“This gives me the ability to go further versus kind of being micro-focused,” said Dickens, who said he wasn’t expecting Ralston’s Feb. 11 announcement that effectively killed the proposal for this legislative cycle.

So far this year, homicides and rapes are up citywide compared to the first six weeks of 2021, while police department data show declines in other crimes, including aggravated assault, robbery, and car theft. (In Buckhead specifically, homicides have not seen an uptick, and overall property crime is down 33% compared to this time last year.)

The mayor said he is confident the department will be able to increase its ranks, pointing to recent APD data showing nearly 300 people have completed applications to be an Atlanta police officer, compared to just 65 at this time last year. Dickens set a goal of hiring 250 officers during his first year in office.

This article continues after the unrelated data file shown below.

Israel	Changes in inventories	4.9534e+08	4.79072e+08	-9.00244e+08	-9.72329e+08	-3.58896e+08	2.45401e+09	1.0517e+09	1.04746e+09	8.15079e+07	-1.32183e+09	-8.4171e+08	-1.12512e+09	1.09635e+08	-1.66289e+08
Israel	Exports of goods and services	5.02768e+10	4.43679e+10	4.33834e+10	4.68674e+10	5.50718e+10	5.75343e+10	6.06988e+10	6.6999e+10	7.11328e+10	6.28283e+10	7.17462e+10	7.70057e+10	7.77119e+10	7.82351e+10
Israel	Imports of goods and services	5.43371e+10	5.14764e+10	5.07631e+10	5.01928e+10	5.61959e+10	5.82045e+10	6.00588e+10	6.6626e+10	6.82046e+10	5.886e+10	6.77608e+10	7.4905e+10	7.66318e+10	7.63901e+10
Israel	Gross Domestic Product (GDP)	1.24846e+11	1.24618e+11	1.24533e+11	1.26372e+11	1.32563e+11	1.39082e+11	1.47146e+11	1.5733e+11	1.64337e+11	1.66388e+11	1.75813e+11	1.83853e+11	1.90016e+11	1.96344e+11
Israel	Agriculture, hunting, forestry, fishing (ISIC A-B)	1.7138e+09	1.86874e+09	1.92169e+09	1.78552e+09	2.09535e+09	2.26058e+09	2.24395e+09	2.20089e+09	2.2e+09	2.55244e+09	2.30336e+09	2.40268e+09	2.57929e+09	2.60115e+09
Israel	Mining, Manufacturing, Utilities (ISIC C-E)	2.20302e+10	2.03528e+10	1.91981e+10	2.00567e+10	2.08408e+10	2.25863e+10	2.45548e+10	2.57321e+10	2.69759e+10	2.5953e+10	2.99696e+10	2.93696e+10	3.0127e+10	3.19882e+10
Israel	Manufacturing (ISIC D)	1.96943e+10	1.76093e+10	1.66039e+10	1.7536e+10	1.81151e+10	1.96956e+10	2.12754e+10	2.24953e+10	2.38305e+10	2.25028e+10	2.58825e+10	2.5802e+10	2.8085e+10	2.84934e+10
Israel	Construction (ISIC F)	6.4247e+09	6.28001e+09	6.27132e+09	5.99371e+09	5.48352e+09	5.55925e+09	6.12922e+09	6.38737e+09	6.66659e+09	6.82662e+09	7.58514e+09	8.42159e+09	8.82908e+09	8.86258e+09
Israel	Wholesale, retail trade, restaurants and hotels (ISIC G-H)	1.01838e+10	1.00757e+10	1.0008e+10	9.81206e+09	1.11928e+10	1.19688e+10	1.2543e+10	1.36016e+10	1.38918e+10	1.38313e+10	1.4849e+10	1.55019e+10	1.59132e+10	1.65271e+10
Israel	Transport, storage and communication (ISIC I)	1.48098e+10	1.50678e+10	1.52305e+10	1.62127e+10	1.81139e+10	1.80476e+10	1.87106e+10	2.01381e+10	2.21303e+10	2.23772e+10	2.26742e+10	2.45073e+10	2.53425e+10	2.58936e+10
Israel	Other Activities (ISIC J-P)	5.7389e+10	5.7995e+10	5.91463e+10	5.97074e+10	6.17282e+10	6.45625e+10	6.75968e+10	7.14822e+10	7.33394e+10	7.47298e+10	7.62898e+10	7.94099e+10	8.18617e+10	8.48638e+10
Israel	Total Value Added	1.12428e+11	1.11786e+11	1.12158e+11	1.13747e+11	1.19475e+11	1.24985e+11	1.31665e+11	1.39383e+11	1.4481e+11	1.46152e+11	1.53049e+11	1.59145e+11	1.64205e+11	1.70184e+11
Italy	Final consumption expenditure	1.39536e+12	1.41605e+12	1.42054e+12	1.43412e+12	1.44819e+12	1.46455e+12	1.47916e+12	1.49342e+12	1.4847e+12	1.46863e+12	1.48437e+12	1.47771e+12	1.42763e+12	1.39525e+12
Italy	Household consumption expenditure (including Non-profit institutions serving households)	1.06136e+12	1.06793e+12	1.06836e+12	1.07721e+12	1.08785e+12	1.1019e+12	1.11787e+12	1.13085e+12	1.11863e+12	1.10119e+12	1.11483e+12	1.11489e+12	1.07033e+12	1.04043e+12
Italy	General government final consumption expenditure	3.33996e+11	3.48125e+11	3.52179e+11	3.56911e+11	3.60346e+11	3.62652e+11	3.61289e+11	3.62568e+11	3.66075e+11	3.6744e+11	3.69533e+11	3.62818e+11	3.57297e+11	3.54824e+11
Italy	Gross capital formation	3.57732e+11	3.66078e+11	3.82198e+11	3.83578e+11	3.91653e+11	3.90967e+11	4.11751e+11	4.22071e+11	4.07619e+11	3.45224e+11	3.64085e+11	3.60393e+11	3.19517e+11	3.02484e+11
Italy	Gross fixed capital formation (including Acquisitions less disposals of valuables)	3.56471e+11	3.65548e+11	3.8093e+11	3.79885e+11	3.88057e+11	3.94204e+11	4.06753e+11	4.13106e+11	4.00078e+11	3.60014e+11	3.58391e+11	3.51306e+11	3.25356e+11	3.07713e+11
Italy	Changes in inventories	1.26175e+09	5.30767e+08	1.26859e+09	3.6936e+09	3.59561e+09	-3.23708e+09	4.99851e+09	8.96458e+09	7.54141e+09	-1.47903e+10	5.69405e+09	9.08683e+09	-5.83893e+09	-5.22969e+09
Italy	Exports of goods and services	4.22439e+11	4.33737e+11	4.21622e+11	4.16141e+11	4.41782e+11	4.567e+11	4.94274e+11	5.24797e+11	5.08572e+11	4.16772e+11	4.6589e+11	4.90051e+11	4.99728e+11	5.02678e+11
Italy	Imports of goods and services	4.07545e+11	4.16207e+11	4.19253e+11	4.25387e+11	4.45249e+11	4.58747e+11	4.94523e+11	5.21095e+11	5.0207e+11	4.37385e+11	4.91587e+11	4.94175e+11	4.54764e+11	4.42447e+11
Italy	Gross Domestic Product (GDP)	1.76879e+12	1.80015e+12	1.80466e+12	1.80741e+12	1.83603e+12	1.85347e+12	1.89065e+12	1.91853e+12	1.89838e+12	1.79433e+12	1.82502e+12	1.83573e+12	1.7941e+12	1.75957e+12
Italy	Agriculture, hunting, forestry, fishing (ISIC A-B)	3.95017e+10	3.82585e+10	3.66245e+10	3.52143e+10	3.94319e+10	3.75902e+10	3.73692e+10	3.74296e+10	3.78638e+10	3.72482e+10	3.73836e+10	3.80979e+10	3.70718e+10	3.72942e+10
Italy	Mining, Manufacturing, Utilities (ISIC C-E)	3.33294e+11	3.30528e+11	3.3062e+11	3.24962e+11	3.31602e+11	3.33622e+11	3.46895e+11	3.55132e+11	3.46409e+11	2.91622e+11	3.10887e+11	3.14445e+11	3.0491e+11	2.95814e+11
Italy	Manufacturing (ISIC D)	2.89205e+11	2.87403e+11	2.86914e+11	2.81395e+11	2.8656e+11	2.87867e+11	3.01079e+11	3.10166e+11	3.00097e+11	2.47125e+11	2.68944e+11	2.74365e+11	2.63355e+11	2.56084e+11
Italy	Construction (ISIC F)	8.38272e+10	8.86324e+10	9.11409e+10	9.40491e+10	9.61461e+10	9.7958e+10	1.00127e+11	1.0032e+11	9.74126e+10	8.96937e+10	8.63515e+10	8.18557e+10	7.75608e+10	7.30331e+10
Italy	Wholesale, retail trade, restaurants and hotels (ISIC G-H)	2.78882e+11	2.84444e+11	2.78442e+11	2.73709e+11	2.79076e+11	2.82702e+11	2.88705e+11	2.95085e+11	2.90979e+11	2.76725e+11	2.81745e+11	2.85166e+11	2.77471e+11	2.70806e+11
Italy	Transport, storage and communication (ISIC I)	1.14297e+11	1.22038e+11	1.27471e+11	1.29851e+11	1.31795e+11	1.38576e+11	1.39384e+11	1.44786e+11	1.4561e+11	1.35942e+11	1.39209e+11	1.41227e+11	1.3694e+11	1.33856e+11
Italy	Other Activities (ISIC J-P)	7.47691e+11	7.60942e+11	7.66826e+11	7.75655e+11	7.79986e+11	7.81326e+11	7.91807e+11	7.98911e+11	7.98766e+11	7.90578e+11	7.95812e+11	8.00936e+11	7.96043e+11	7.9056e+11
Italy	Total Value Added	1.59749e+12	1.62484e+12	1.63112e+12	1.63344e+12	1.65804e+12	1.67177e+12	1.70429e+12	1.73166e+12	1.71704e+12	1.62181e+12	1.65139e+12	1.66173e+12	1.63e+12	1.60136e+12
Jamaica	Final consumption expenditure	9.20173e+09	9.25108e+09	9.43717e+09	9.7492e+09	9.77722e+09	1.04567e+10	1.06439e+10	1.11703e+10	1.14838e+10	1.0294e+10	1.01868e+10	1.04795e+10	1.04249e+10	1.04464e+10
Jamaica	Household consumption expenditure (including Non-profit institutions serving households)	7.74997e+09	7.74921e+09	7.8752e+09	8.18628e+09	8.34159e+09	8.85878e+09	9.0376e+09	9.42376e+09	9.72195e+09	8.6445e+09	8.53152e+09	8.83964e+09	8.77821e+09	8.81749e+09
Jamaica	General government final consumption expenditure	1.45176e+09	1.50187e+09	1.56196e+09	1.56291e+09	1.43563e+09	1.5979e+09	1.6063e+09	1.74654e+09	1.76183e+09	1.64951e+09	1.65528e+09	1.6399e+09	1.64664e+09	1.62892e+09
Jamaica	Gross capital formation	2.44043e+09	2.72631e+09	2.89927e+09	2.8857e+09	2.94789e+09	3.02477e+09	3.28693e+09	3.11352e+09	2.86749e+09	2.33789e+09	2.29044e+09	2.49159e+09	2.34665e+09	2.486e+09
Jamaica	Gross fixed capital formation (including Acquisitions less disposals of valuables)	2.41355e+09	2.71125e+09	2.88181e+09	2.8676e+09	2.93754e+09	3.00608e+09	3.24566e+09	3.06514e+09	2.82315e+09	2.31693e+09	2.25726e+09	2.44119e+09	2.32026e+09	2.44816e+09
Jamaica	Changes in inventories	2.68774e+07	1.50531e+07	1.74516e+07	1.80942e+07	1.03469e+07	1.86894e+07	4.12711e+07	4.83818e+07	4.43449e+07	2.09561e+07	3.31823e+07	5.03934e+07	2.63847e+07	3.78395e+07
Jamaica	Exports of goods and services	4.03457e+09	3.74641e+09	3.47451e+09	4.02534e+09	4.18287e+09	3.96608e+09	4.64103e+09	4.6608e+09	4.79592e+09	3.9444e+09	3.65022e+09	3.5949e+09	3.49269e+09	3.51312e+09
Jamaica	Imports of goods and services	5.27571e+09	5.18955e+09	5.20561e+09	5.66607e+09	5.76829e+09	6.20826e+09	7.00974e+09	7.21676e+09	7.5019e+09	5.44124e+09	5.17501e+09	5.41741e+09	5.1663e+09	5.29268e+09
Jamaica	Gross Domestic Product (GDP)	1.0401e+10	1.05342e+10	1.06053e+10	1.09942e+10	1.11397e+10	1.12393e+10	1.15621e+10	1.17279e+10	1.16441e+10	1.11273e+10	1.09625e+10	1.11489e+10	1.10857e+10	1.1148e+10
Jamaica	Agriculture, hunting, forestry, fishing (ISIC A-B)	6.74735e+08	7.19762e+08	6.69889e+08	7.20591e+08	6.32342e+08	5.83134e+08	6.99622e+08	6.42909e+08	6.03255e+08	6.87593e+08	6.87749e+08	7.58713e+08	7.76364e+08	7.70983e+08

“People are signing up for that, saying they know they have a mayor that will have their back, that is interested in making sure we reduce crime,” he said.

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Atlanta Mayor Andre Dickens speaks at the unveiling of the location for a new mini-precinct for Atlanta police on Thursday, January 13, 2022. (Miguel Martinez for The Atlanta Journal-Constitution)

Credit: Miguel Martinez for The Atlanta Journal-Constitution

Atlanta Mayor Andre Dickens speaks at the unveiling of the location for a new mini-precinct for Atlanta police on Thursday, January 13, 2022. (Miguel Martinez for The Atlanta Journal-Constitution)

Credit: Miguel Martinez for The Atlanta Journal-Constitution

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Atlanta Mayor Andre Dickens speaks at the unveiling of the location for a new mini-precinct for Atlanta police on Thursday, January 13, 2022. (Miguel Martinez for The Atlanta Journal-Constitution)

Credit: Miguel Martinez for The Atlanta Journal-Constitution

Credit: Miguel Martinez for The Atlanta Journal-Constitution